On the Western Church in Crisis
I recently consulted Trinity's Director of Placement to look over and provide feedback for my ministry resume. One of the sections pertained to my personal call and commitment to ministry. Since my call has been a series of defining moments or events (I've identified five), I constructed my statement of call to ministry according to these five pivotal moments. One of these moments I described as follows:
3. Clarification and Focus. In my mid-to-late college years, I developed a growing burden for the Church as I sensed her emergence into a sort of crisis. Through this, God seemed to be calling me to expand my vision from youth ministry to congregational ministry, with a view toward helping the Church be more faithful and fruitful in ministering in an increasingly postmodern world.
This puzzled him (understandably), and he recommended I clarify it. (I will.)
But it got me thinking... Is the Church in crisis? What Church? The Global Church? The American Church? The Western Church?
Yes, I think at least the Western Church.
While this may be overstating the case (it certainly sounds harsh), I wouldn't be surprised if 9 out of 10 churches were failing at their Great Commission calling (*see update, in my next post). That’s what I mean when I say the American Church is in crisis. (Cf. David Olson’s research that the American Church is not keeping up with population growth, let alone advancing the kingdom in terms of persons reached with the gospel, again measured in terms of percentage of population. Note also that between 80 and 90% of people raised in the American Church jump ship once they leave the nest.) This is a matter of serious concern for me, particularly as regards my calling and commitment to vocational ministry. As far as I can tell, the problem can be explained in one of four ways:
- The Anti-Christian View: The current crisis simply shows that church is a failed experiment, built on a faulty foundation. It is truly no more than mere “religion,” a mere fallible, human construct. The implication is that Christianity is false.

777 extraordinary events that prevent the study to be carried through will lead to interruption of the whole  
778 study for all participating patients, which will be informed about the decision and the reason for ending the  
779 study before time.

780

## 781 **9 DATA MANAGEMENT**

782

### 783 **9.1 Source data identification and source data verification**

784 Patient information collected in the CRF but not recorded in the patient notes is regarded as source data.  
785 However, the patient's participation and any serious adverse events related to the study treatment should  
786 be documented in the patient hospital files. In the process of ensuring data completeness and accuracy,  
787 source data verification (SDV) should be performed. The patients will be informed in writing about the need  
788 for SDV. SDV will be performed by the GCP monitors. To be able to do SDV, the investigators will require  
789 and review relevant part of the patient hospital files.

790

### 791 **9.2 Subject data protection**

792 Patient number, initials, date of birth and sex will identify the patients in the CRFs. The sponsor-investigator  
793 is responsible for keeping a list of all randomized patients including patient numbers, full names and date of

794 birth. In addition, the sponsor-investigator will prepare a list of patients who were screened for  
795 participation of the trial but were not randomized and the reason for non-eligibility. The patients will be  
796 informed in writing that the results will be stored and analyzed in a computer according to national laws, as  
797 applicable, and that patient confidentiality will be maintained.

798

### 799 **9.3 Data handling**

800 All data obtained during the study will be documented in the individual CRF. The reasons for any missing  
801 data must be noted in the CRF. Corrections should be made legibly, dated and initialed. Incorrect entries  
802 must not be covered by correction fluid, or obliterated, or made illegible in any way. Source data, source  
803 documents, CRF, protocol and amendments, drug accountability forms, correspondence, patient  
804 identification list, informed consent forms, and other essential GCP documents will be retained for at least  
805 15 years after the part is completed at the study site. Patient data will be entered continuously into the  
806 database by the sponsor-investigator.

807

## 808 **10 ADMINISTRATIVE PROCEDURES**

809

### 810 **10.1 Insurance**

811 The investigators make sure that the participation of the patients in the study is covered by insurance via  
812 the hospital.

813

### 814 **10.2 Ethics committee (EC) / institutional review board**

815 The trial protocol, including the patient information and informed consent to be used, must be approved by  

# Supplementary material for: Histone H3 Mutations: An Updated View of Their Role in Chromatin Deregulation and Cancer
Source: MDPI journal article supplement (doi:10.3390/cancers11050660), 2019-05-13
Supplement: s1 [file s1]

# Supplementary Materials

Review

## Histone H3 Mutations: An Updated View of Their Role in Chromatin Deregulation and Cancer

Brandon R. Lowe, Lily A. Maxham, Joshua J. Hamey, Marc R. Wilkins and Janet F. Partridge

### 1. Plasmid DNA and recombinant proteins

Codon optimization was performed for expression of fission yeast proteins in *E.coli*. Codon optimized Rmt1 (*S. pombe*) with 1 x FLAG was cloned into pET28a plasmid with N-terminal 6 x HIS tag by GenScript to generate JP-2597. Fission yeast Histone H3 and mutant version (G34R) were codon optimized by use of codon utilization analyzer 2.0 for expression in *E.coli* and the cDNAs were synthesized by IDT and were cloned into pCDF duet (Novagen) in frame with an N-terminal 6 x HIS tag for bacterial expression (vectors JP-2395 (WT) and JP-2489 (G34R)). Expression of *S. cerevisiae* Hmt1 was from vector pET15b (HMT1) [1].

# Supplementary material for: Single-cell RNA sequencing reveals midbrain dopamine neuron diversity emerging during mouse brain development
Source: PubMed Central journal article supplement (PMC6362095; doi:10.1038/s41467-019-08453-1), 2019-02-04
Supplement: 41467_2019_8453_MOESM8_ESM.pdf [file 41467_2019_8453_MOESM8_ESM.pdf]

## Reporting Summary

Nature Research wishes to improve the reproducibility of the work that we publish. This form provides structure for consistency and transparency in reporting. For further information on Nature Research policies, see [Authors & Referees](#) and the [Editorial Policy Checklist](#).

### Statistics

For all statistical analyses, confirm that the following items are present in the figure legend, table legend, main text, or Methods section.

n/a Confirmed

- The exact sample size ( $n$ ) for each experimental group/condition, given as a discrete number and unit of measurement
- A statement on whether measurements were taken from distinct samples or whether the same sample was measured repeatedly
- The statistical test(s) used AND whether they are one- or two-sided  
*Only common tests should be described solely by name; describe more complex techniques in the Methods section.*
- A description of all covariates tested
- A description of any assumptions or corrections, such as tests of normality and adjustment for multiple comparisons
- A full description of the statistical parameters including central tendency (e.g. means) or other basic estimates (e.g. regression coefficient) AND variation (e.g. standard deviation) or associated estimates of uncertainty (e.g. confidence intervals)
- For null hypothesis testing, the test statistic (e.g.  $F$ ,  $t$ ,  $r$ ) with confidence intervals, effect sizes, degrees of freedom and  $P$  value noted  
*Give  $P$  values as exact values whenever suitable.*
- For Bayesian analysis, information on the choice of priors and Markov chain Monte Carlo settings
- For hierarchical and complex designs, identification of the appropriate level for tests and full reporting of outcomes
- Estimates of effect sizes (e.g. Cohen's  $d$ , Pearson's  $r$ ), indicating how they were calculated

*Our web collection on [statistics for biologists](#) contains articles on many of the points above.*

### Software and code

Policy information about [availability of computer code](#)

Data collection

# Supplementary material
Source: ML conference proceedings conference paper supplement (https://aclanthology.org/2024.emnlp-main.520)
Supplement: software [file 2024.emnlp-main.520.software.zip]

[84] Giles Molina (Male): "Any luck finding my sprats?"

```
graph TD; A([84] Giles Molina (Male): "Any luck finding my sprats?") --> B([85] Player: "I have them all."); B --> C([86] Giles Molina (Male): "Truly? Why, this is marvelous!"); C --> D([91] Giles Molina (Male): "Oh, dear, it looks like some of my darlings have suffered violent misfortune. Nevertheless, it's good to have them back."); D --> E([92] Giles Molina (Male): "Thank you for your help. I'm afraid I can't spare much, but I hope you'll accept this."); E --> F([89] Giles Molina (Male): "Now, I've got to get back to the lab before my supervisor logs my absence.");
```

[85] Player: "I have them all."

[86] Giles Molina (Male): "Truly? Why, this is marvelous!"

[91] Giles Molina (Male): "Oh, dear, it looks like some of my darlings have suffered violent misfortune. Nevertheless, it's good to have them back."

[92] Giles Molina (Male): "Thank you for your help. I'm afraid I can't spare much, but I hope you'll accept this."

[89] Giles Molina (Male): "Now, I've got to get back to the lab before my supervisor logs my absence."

- The Hyper-Reformed View: God is the Almighty Micromanager of all the minutiae of world events, and He just so happens to presently will that the Western Church be ineffective in its God-given evangelistic and disciple-making objectives. This, however, presupposes that God can simultaneously and in the same sense will two opposite things, which is a contradiction.
- The Fideistic View: We don’t know why this is happening. We just simply have to trust that God knows what He’s doing, and just keep preachin’ the Gospel "like we always have"—and doing just about everything else "the way we always have." (Key conviction: nothing needs to change.)
- My View: The American/Western church is suffering the consequences of its recent lack of faithfulness to something essential (the gospel, the Great Commission and cultural mandates? probably a combination of these). In essence, then, it is digging itself out of a hole that is growing deeper by the day. God has given us ample guidance in His word to get back on track, and is waiting for us to respond faithfully. He will empower us to be effective as we align our wills with His. In short, I believe there is a definite link between faithfulness and fruitfulness. (See my posts here and here on healthy church growth.)
While at face value, View #4 may seem overly cynical, it is actually the most optimistic of all the views: God desires something better and has given us the provision to make it better, as well as promised to empower us to do so. But it comes with a price tag: We have a lot of hard work to do in rigorously evaluating everything to do with our articulation, practice, and propagation of the Faith. For some this is daunting. For me it is invigorating. It is what gives me purpose and drive.
This has significant implications for me as I seek the Lord's will for my next steps of ministry. For one, the church in which I minister must acknowledge that the Western Church is coming up short in terms of its faithfulness to God's prescriptions for us in His Word. Secondly, they must agree with my explanation of why this is so (View #4, above), or else offer a more sensible and biblical explanation. One way or another, I assume our convictions on this issue need to align.
I wonder how to go about articulating this to prospective churches? Is it important to be up front about this, or should I simply try to discern informally the extent to which we are on the same page?
Is there a better explanation than either of the four views outlined above? I'm open to hearing them.